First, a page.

Club Icarus.

Author:Soden, Christopher
Position:Book review

Matt W. Miller (author); CLUB ICARUS; University of North Texas Press (Nonfiction: Poetry) 12.95 ISBN: 9781574415049

Byline: Christopher Soden

From slick covered stacks

of capes and masks a boy begins

the walk to school with ganglions

blitzing comic book kinetics.

One step bat, one step spider, fists

popping claws, carrying shields

and totem boomerangs, he walks

the rooftop ledge of sidewalks swinging

across greenlight crosswalks on webs,

on hooks, on wings, on fire, and hunts

the menaces of the world and city to save

the girl in second period math who sits

next to him and smells like berries

"Like Superman"

Matt W. Miller

Matt W. Miller's new collection of poems, Club Icarus, is poignant, frank, and eloquent without resorting to dry, mannered rhetoric. His imagery is original and memorable, and it's earthy enough to be accessible and authentic. Numerous poems are based on anecdotes, wrenchingly honest and illuminated with just the right details to strike a nerve. In "Candy Land," an act of kindness by Miller's mother is rejected by the narrator, who aches with inadequacy when he considers his standing in the world of men: "been feeling small, say you already know / you're a weakling in a world of crowding." What might have been merely a personal, confessional story takes on larger implications as Miller expands upon the premise as a life attitude: "life. Say you see yourself starting / to do things like this to your wife, acting / as if a man is made from yell and spit." Miller effectively turns the situation into an allegory any man (or woman) can relate to.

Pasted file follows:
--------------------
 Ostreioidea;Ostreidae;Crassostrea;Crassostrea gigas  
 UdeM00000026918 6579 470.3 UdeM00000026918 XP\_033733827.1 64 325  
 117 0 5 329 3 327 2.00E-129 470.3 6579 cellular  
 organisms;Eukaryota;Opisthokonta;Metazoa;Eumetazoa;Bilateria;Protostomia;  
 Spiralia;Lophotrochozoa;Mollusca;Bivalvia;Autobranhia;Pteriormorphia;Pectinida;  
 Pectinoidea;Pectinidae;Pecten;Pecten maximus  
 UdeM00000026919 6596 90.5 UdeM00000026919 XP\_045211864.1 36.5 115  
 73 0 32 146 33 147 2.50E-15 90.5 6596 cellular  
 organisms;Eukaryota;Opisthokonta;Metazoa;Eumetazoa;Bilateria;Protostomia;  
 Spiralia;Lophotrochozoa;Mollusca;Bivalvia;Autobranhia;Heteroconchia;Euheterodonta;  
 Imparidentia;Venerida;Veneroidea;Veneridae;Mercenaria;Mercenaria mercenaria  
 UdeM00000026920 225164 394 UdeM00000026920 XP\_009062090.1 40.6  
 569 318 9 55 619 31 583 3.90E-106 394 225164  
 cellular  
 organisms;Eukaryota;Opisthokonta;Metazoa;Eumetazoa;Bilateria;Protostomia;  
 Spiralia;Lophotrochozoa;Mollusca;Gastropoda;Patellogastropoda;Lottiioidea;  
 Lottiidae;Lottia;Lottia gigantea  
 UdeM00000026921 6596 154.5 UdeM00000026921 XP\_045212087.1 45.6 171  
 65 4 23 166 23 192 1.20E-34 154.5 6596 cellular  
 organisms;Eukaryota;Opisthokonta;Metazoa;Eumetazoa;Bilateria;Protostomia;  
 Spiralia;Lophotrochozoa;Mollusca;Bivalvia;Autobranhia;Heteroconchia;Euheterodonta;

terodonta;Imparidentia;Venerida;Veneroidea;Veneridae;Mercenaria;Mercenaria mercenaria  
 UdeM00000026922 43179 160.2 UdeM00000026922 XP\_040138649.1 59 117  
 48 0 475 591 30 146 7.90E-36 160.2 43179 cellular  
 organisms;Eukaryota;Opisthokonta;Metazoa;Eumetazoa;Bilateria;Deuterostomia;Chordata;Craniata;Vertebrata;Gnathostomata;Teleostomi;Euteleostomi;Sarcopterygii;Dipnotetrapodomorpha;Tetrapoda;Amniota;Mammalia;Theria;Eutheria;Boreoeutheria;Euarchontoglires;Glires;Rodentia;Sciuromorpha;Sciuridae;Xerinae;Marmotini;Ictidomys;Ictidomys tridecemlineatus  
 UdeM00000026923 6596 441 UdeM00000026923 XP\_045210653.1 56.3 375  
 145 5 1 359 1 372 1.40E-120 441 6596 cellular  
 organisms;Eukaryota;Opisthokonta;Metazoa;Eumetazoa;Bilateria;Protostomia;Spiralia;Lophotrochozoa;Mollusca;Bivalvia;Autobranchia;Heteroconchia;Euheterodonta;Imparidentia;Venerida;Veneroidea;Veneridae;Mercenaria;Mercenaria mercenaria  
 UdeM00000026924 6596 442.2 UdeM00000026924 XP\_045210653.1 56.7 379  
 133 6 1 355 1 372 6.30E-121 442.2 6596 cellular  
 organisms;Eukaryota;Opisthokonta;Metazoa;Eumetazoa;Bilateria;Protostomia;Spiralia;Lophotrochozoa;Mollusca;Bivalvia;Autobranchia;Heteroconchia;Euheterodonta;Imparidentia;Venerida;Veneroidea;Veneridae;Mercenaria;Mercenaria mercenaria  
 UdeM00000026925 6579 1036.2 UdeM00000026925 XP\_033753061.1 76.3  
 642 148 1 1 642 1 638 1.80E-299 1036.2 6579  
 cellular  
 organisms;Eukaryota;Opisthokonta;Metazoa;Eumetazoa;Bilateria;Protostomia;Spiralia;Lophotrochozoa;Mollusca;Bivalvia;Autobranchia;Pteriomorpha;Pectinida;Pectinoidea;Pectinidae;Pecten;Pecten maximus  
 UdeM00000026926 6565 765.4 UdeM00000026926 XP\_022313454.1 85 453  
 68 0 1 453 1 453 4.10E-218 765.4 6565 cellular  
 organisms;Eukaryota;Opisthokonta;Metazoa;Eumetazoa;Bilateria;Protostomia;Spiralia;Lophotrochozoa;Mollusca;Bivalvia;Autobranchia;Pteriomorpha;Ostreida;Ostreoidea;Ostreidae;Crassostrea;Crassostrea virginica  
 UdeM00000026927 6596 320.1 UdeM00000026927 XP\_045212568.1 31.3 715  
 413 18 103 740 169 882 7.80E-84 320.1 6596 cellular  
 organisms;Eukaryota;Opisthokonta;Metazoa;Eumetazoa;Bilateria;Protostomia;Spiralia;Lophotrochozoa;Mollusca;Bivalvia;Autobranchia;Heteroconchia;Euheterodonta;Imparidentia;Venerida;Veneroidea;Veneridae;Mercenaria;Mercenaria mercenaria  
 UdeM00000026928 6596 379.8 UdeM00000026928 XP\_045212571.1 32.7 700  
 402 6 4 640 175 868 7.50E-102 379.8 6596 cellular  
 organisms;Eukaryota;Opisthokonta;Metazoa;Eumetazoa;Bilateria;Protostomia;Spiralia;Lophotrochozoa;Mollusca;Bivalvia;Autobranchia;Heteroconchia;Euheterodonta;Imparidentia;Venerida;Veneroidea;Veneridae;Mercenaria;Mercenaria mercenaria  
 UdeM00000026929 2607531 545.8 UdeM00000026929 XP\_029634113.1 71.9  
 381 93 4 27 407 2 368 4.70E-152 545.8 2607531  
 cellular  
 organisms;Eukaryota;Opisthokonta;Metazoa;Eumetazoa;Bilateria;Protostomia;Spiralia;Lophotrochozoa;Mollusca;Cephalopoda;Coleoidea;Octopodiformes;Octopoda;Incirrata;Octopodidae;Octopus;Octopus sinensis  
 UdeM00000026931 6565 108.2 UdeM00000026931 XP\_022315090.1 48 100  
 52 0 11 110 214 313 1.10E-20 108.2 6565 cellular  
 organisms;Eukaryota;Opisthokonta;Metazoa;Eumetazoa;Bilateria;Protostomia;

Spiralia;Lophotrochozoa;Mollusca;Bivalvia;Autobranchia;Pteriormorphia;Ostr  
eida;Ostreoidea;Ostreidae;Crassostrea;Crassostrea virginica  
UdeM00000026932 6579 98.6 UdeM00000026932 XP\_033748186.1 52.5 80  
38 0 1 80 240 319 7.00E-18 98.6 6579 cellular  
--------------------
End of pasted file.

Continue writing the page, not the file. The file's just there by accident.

In "Pall Bearers," he describes the extreme discomfort of attending a friend's funeral: "We're tired from the standing, / the waiting, the carrying / of a weight we never knew / / till then would be that heavy." Miller exploits the enjambment of "a weight we never knew," implying the burden of their deceased friend's life. The piece culminates in an image of the six answering a nature call: "Instead we shuffle out / kicking rain from the grass / in the backyard, and line up / against a wooden fence / Then all of us laughing / / at this terrible salute as steam / rises from the puddles / we make in beds of mulch."

A lesser poem might have aimed for something loftier that failed...

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